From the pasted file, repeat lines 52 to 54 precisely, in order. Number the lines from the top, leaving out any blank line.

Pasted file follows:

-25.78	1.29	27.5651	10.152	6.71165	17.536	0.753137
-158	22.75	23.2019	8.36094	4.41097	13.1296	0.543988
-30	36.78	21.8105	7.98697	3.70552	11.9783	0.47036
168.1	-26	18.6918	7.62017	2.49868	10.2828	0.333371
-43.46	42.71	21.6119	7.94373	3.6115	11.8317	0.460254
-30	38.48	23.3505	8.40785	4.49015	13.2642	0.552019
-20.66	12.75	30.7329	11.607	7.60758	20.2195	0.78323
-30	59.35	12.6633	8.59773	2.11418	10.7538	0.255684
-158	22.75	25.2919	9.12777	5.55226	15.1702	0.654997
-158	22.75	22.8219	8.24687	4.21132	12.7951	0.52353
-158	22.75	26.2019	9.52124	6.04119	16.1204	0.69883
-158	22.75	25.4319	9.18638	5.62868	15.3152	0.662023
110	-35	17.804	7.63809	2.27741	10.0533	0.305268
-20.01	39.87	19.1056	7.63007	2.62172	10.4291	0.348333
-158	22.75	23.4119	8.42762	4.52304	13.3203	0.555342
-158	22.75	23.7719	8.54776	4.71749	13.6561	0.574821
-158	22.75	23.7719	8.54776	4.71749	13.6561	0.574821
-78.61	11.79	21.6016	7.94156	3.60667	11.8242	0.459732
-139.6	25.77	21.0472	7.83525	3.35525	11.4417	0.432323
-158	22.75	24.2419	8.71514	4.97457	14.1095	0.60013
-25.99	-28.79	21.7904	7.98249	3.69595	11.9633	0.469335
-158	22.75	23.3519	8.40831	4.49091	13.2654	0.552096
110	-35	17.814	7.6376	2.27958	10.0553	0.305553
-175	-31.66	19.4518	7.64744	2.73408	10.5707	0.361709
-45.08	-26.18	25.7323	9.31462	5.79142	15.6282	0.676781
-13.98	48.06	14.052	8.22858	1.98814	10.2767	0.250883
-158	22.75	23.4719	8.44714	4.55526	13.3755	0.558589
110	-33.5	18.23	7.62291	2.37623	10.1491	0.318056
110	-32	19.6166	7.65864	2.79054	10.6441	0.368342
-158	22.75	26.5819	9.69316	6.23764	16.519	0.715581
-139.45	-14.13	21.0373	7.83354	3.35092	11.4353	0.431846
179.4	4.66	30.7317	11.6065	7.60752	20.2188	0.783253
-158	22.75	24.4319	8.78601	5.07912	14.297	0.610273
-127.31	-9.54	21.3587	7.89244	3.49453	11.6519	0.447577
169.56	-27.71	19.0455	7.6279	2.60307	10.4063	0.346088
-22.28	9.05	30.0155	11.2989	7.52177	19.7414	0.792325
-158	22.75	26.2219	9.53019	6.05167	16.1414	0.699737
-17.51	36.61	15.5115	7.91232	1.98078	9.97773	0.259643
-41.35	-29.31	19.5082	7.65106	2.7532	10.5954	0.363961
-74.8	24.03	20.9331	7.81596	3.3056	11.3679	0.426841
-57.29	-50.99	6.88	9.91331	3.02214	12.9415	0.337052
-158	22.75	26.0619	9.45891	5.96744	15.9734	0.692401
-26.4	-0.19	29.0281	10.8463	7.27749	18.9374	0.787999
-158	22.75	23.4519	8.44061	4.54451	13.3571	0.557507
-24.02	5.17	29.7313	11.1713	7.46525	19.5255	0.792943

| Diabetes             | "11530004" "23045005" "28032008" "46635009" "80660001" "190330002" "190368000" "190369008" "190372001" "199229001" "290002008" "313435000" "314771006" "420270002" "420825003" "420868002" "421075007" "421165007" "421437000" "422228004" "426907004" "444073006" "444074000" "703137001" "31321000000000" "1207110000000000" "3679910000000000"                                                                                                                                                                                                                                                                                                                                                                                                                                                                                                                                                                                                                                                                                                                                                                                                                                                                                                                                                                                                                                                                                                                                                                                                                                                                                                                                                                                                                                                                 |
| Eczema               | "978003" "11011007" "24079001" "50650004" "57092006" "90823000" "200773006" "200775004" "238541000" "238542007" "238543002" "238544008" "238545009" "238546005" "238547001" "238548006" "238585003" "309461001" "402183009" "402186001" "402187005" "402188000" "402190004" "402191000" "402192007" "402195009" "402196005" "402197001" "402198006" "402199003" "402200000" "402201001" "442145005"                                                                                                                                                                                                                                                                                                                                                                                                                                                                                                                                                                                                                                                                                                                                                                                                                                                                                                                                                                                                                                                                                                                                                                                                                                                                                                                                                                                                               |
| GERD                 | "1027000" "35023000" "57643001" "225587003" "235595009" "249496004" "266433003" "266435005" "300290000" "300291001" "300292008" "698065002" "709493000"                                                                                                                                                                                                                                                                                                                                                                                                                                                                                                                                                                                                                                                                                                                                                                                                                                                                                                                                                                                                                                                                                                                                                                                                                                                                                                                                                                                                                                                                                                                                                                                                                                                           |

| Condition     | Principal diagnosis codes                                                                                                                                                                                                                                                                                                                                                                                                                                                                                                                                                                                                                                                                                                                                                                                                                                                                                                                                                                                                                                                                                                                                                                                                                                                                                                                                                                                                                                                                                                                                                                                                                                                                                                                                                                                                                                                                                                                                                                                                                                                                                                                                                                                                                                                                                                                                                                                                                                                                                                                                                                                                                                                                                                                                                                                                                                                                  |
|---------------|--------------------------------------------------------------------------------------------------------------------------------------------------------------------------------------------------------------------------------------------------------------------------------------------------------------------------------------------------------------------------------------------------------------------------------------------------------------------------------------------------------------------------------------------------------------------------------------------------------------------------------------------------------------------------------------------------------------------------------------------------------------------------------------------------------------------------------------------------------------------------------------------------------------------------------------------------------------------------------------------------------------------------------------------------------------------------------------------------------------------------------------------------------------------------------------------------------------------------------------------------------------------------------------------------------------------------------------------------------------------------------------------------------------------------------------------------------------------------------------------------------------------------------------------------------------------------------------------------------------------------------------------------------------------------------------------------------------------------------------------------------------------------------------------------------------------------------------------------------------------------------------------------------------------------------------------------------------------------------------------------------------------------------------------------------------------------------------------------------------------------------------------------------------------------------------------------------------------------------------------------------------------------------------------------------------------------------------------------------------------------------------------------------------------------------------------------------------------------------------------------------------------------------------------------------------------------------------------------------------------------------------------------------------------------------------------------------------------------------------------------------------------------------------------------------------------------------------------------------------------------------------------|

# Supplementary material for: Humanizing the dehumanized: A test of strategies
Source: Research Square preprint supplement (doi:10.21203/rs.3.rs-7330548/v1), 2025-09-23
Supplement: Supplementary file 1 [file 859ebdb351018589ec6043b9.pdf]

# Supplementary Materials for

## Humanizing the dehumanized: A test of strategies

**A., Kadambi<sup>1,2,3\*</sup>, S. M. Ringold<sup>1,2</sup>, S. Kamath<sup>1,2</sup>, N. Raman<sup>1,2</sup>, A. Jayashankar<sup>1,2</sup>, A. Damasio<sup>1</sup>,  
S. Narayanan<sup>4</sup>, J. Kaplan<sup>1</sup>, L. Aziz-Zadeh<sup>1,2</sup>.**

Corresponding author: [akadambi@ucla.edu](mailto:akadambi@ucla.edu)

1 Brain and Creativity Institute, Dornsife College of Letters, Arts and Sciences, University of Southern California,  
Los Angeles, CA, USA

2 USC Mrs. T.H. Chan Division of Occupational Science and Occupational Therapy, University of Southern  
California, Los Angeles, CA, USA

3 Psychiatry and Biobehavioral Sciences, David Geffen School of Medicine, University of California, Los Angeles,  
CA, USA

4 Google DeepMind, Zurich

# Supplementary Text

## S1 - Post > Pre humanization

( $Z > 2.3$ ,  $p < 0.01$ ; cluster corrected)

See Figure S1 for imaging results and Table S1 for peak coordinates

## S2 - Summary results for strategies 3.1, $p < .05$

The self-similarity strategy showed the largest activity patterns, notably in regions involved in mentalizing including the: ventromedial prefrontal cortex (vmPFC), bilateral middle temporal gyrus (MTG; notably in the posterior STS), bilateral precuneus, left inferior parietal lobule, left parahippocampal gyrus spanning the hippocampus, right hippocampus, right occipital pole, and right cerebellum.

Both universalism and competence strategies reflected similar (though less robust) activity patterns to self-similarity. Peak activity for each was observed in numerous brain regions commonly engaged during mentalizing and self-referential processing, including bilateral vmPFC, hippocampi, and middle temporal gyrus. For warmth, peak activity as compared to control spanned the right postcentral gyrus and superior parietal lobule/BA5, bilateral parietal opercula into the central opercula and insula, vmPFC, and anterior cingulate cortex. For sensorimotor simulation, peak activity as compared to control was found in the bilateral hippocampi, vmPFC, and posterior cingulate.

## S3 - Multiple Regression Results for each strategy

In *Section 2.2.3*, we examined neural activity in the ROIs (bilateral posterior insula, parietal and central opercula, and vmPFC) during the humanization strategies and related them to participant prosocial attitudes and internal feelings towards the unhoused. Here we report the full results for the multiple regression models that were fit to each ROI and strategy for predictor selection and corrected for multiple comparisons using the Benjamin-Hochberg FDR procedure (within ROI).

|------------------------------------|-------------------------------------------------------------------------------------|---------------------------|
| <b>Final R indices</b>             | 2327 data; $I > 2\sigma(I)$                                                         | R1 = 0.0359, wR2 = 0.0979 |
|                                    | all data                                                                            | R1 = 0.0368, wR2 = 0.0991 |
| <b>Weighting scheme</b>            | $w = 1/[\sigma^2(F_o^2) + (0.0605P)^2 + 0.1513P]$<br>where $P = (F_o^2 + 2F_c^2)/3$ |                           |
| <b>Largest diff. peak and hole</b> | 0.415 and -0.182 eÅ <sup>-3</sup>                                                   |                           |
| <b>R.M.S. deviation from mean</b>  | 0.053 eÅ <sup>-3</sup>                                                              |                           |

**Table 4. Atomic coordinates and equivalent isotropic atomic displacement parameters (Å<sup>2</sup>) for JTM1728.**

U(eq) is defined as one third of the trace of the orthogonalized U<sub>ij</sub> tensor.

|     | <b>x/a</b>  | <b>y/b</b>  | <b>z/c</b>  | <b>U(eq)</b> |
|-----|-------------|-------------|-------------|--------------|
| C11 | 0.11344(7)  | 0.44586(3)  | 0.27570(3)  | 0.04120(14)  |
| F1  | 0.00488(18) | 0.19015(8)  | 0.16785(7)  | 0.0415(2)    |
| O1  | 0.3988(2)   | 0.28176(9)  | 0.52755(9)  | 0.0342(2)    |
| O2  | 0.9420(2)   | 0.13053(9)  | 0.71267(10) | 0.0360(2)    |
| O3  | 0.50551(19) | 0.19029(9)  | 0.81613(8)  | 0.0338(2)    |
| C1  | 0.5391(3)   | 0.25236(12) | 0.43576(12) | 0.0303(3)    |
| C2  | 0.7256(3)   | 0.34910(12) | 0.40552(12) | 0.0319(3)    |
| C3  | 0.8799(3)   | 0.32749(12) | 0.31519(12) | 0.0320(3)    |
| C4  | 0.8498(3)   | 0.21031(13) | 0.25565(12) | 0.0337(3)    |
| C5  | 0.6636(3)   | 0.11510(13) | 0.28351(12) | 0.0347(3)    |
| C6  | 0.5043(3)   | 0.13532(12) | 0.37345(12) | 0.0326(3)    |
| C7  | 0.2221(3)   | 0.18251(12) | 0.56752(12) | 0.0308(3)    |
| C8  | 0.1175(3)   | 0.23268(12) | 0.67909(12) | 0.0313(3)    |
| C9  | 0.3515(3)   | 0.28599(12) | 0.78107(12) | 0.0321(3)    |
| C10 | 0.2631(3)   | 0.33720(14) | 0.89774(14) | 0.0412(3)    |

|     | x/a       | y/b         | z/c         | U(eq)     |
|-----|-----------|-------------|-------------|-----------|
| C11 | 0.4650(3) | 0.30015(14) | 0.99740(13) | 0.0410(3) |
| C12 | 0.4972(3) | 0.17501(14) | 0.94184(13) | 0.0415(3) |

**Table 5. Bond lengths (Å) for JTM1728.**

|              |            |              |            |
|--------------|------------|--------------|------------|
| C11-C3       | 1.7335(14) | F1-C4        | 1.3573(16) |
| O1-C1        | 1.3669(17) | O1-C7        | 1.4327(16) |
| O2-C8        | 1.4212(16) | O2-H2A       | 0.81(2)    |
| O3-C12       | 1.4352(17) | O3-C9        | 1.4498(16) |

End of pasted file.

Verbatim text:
Source: Research Square preprint supplement (doi:10.21203/rs.3.rs-7330548/v1), 2025-09-23
Supplement: Supplementary file 1 [file 859ebdb351018589ec6043b9.pdf]

# Supplementary Materials for